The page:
by Kevin Burton
On good days it’s a belly laugh with two old friends. On bad days it’s almost medicinal.
It’s called Pardon the Interruption, or PTI to its many fans. It’s on ESPN. I think it’s the best sports television product ever.
I used to say it was named ironically, because I didn’t pardon any interruption. Anyone who knew me well, knew not call during PTI. These days though I get the show via podcast. So I don’t have to watch at any certain time.
Tony Kornheiser and Michael Wilbon are former Washington Post sports reporters who in 2001 brought their ongoing newsroom debates to television. They love sports and they love each other. As a viewer you can’t miss that.
The depth of their life experiences, knowledge of sports and insight into the human condition bring heft to the show. Their humor and their love make it the best ever.
I stumbled upon PTI by tuning in for ESPN SportsCenter a few minutes early. I immediately liked the rhythm and personality of the show. Before long I was making sure to tune in for the beginning of PTI at 5:30 Eastern.
Soon I figured out I didn’t need to watch SportsCenter for 60 or 90 minutes. In 30 minutes, Mike and Tony would touch on everything I needed to know. If they didn’t make time for it, it probably didn’t matter that much.
The exception to that would be news on my favorite underdog college teams, The Dayton Flyers and Wichita State Shockers.
I must not have been the only one watching PTI and skipping SportsCenter because ESPN soon came up with a format where the final segment of PTI was embedded within SportsCenter.
PTI has spawned dozens of imitator shows across all networks. Bruce Buschel on the-cauldron.com called PTI, “The best news show on television.”
PTI is the happy marriage of two previous shows. ”The Sportswriters” was a Chicago-based show with a much slower pace that aired in the 1980s. Four sportswriters would talk about the larger issues. I don’t remember there being any graphics. I don’t remember any music, just the sound of a manual typewriter.
The room was always filled with cigar smoke. If you ever saw that show that’s the one thing you can never forget.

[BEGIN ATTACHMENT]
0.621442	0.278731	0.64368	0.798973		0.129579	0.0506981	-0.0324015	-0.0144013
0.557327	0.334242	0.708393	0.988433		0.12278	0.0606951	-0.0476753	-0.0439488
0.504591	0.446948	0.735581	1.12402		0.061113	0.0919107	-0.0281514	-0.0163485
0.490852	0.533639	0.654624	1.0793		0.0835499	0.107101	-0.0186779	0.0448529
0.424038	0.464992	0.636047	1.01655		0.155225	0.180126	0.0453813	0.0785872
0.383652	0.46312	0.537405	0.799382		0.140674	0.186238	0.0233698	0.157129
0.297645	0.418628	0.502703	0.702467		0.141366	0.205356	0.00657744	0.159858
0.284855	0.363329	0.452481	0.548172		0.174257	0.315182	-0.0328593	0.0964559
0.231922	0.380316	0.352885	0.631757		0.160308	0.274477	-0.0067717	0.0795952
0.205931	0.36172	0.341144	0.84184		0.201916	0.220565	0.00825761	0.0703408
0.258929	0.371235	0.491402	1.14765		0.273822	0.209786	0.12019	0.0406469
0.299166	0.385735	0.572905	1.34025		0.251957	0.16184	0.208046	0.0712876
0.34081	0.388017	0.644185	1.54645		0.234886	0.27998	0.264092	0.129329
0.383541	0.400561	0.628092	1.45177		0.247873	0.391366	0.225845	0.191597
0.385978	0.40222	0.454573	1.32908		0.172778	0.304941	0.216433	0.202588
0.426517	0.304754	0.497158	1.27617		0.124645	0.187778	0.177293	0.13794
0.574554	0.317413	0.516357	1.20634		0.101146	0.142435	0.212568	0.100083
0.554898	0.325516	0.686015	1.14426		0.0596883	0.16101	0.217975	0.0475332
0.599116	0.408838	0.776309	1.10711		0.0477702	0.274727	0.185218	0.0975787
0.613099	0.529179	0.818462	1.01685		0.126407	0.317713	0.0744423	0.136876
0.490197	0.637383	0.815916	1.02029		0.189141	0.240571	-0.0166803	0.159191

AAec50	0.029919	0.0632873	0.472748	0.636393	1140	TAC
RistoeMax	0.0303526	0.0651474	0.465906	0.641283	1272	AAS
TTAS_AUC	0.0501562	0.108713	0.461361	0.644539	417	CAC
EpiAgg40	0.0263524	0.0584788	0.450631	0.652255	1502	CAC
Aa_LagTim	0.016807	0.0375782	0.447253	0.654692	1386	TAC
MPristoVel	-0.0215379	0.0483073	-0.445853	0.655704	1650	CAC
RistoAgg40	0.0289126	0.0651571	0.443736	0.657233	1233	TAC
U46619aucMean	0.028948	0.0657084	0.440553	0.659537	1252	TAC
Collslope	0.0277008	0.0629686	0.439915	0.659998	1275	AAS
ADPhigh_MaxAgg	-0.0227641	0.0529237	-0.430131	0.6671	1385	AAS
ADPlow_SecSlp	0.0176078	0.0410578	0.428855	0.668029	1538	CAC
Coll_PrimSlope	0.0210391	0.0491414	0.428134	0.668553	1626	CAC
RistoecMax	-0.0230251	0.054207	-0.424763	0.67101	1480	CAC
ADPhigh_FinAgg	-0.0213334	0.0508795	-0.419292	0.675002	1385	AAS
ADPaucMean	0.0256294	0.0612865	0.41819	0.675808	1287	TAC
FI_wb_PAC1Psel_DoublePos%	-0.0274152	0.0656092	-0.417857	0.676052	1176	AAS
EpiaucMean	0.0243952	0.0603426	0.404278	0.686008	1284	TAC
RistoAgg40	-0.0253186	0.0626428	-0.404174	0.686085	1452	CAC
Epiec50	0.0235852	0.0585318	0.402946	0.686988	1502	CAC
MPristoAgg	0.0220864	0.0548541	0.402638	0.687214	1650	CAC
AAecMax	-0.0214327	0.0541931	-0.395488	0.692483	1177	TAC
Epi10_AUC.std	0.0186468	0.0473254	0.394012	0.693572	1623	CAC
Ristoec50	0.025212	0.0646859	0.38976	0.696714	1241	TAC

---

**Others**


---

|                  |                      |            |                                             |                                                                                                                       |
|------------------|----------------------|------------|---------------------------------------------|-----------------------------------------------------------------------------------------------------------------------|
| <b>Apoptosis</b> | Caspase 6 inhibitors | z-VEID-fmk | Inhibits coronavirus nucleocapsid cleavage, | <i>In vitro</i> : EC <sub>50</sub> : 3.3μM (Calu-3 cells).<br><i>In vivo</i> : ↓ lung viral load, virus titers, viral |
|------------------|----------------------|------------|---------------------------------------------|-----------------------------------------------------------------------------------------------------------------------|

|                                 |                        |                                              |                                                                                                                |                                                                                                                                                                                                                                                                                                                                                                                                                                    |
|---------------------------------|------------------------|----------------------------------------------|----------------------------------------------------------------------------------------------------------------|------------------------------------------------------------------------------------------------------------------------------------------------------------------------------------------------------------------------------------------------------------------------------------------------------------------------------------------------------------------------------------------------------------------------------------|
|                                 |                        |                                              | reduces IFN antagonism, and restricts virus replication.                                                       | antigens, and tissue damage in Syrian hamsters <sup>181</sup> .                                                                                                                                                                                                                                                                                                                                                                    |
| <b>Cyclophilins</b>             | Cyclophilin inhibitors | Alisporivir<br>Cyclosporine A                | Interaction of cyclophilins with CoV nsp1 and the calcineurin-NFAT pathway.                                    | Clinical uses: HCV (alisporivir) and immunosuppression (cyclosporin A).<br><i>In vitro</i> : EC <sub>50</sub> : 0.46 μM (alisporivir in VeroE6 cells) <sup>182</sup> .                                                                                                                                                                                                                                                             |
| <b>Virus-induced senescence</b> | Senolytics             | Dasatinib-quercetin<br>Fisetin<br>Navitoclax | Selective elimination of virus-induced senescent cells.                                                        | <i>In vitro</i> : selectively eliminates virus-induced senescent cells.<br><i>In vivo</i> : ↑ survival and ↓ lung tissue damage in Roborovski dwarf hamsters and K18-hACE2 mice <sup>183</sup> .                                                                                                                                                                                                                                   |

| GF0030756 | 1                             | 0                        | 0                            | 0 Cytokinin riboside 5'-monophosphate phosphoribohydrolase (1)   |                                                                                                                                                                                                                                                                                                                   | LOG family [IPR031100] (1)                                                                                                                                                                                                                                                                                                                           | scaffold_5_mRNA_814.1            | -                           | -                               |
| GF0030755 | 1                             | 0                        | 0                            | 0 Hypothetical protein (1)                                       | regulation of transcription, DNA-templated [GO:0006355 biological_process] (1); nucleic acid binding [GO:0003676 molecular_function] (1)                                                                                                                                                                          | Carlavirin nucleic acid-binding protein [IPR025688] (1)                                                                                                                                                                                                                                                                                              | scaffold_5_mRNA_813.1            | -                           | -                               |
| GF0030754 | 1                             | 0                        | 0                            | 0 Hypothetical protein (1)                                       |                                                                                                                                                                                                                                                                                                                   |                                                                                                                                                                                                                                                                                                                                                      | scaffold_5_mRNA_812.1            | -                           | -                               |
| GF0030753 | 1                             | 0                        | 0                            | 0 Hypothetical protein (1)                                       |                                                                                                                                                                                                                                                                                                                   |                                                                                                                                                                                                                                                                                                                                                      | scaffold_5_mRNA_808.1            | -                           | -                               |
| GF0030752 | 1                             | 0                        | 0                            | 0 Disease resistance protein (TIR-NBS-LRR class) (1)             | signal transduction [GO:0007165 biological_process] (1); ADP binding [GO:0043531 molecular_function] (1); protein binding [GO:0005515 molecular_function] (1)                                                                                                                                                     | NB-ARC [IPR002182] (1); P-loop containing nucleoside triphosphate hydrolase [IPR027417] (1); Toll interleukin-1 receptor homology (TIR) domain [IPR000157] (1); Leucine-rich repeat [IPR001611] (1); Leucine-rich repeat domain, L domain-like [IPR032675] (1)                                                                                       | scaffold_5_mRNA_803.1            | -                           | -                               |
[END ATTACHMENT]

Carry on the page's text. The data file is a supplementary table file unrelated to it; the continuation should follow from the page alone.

The other model for PTI is “At The Movies,” a show on PBS where movie critics Gene Siskel and Roger Ebert would talk about recent movies and what they liked or didn’t like about them. For Siskel and Ebert it was thumbs up or thumbs down.
You had two guys talking with some passion, sometimes disagreeing, just as you see on PTI, but on PTI, the decibel level is twice as high.
The shouting on PTI is as ever present as the cigar smoke on The Sportswriters. But there is something else going on at PTI that is particularly relevant now.
Wilbon is a Black man from the south side of Chicago. Kornheiser is a White, Jewish man from Long Island, New York. For 19 years the two have talked about more than just slam dunks and quarterback sacks.
Sometimes issues in the sports world touch upon race, or it might be just sports figures reacting to racial issues in the larger society.
Colin Kaepernick and others kneeling during the national anthem at NFL games to protest police brutality is one example.
As Buschel pointed out, the difficult discussions on PTI are actual discussions. Mike and Tony are listening to each other.
“Regardless the topic or depth of disagreement, their endgame is always concord and kinship,” Buschel wrote.
“This is a primer on how people of different color and religion and ancestry and geography get along,” Buschel wrote.
“The take-away from PTI is that racial harmony is not a sweet-potato-pie-in-the-sky ideal, but something within our reach, today, now. Just look and listen. Instructions are included, in plain English, in living color.”